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Update: I’m going to be doing this workshop a third time today (Dec. 2) for CBCnews.ca. I’ve added some new examples (EPPY winners and finalists) and some other links.

We will be using many of my tips and examples for digital storytelling (I will be updating them soon).

In a morning workshop, teams of participants will analyze the tools and techniques used in some of these digital stories:

Here are my slides for the workshop:

The workshop includes a storyboarding exercise, something like Knight Digital Media Center describes.

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I’ll be leading a daylong workshop today for the CBC music staff on writing for the Web. Some topics we’ll cover:

Here are my slides for the workshop:

We’ll start with this song that brings music and journalism together:

I used the Detroit Free Press’ outstanding Respect package as an illustration of pulling multiple digital storytelling techniques together.

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Reporters and editors everywhere battle and complain over length of stories. Even online, where newspaper space or tight broadcast schedules aren’t an issue, you need to write tightly to hold the reader’s attention and keep the story moving. You need to hone your ability to organize information and write tight stories that make every word count.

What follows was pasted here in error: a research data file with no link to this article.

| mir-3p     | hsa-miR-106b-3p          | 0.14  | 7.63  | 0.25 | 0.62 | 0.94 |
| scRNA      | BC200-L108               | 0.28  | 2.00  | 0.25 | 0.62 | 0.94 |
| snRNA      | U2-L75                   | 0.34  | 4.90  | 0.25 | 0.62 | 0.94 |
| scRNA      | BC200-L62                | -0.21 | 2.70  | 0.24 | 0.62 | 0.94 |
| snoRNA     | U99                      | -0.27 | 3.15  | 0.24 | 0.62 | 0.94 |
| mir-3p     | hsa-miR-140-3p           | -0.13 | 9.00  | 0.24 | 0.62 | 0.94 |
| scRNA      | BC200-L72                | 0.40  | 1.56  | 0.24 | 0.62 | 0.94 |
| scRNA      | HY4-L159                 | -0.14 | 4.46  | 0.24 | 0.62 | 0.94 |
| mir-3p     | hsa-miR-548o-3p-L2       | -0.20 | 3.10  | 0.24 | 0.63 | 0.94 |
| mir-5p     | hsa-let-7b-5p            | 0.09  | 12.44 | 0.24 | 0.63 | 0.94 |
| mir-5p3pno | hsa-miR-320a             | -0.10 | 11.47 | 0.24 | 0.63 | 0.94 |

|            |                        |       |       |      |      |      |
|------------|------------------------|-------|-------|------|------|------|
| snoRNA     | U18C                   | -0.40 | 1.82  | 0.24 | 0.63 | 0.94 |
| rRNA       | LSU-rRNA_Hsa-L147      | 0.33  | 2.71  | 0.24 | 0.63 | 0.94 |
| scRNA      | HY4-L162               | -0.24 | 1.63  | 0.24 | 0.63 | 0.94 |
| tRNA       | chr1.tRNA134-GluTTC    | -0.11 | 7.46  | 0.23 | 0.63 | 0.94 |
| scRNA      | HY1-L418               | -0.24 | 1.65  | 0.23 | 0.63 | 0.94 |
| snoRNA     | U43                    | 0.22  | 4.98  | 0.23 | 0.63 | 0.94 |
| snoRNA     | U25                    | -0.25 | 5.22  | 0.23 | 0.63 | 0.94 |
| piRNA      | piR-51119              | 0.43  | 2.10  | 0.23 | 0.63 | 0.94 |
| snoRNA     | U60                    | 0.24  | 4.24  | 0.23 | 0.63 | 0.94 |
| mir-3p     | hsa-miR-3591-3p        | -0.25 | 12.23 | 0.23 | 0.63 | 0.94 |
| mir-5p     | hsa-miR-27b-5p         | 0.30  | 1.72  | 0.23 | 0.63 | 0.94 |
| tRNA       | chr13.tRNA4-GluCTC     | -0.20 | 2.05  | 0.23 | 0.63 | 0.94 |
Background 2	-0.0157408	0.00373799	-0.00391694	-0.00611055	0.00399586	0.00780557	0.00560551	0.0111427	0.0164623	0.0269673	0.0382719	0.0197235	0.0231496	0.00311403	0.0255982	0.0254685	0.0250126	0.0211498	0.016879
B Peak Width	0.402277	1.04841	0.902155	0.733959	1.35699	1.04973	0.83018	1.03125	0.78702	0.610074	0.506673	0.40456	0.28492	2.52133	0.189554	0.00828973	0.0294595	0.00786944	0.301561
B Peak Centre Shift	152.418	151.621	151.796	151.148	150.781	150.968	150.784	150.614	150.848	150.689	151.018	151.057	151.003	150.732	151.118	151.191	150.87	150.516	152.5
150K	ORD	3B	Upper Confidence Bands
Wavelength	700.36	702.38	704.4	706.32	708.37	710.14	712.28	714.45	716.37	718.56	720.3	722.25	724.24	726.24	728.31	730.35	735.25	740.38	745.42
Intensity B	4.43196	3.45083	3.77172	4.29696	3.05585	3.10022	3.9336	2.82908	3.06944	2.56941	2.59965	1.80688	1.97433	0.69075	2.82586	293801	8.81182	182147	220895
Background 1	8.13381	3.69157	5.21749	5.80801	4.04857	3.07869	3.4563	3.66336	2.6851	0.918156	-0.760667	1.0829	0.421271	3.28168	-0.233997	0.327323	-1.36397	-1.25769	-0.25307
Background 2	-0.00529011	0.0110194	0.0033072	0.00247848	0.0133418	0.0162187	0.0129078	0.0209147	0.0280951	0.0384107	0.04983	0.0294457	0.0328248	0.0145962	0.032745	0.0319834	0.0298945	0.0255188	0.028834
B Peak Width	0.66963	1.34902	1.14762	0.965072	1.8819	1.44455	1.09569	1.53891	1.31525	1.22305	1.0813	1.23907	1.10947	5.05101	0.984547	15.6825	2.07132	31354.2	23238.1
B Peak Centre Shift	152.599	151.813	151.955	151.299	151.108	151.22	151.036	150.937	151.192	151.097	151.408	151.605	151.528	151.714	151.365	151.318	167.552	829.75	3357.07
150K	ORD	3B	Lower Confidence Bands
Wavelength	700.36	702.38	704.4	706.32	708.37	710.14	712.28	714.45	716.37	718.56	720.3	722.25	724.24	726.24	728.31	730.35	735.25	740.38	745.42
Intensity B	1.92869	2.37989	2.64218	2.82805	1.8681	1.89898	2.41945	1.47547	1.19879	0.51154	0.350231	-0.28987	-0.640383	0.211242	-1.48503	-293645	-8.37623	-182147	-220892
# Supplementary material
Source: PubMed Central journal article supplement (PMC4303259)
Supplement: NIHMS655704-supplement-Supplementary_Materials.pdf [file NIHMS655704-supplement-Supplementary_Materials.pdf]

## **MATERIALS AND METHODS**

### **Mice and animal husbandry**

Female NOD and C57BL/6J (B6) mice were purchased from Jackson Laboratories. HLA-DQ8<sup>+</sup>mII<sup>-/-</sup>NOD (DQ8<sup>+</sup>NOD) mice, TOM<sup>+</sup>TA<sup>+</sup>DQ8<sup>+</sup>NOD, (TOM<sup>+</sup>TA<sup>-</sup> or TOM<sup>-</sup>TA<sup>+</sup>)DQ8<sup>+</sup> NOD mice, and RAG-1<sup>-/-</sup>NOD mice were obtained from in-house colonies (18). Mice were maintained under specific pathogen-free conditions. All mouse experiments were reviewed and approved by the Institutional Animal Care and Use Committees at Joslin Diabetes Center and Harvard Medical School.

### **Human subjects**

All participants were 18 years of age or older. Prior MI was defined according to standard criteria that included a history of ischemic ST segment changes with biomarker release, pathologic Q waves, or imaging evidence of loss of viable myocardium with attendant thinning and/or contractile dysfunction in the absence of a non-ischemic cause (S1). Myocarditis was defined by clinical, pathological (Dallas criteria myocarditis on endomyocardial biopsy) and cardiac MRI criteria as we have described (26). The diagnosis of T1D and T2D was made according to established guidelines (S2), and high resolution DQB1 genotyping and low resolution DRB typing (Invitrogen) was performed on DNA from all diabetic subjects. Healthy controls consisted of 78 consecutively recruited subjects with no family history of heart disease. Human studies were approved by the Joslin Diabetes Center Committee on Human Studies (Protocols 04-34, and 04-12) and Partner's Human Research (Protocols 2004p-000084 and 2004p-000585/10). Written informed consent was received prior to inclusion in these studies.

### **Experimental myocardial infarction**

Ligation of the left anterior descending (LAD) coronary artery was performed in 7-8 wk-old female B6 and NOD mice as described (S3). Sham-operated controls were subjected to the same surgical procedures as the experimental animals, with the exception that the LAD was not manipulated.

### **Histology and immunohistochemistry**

Plan to write tight

Coordinate with your editor. Discuss story ideas in some detail with your editor before you start gathering information. Make sure you agree on the probable scope of the story. This can save time wasted gathering information you don’t need. As you are gathering information and writing the story, you will need at some point to agree on a probable length if you are writing for print. If you delay this discussion too long, you may waste more time and effort and invite more frustration.

Consider the reader. A failing of some long stories is that they are written for sources, rather than for readers. Consider why you are including information in a story. To impress sources with your knowledge? To keep a source happy? Or to inform the reader? A tougher challenge is to decide whether you are writing for the reader with strong interest in the issue or for the reader with average interest. For most stories, you should write primarily for the average reader who would read the story. (more…)

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If you’re starting a blog, keep these eight points in mind:

  1. Understand your community. No blog appeals to everyone. Identify the community for your blog and keep those people in mind when you gather content and develop new posts. (I deliberately used the word community rather than audience because the best blogs invite participation, rather than just reading and watching.)
  2. Think in terms of blog posts, not other types of writing. A news story or a newspaper column could be a blog post, but you don’t need to be limited by such formats. A blog post can be (and often should be) short. An interesting link that you wanted to share can be a blog post. Anything that might interest your community is a potential blog post. (more…)

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I will be leading a webinar on using Twitter for research for Newspapers Canada.

The tips I will present in the workshop are covered in my earlier blog posts, Updated and expanded Twitter tips for journalists and Advanced Twitter techniques for journalists. Here are my slides for the workshop: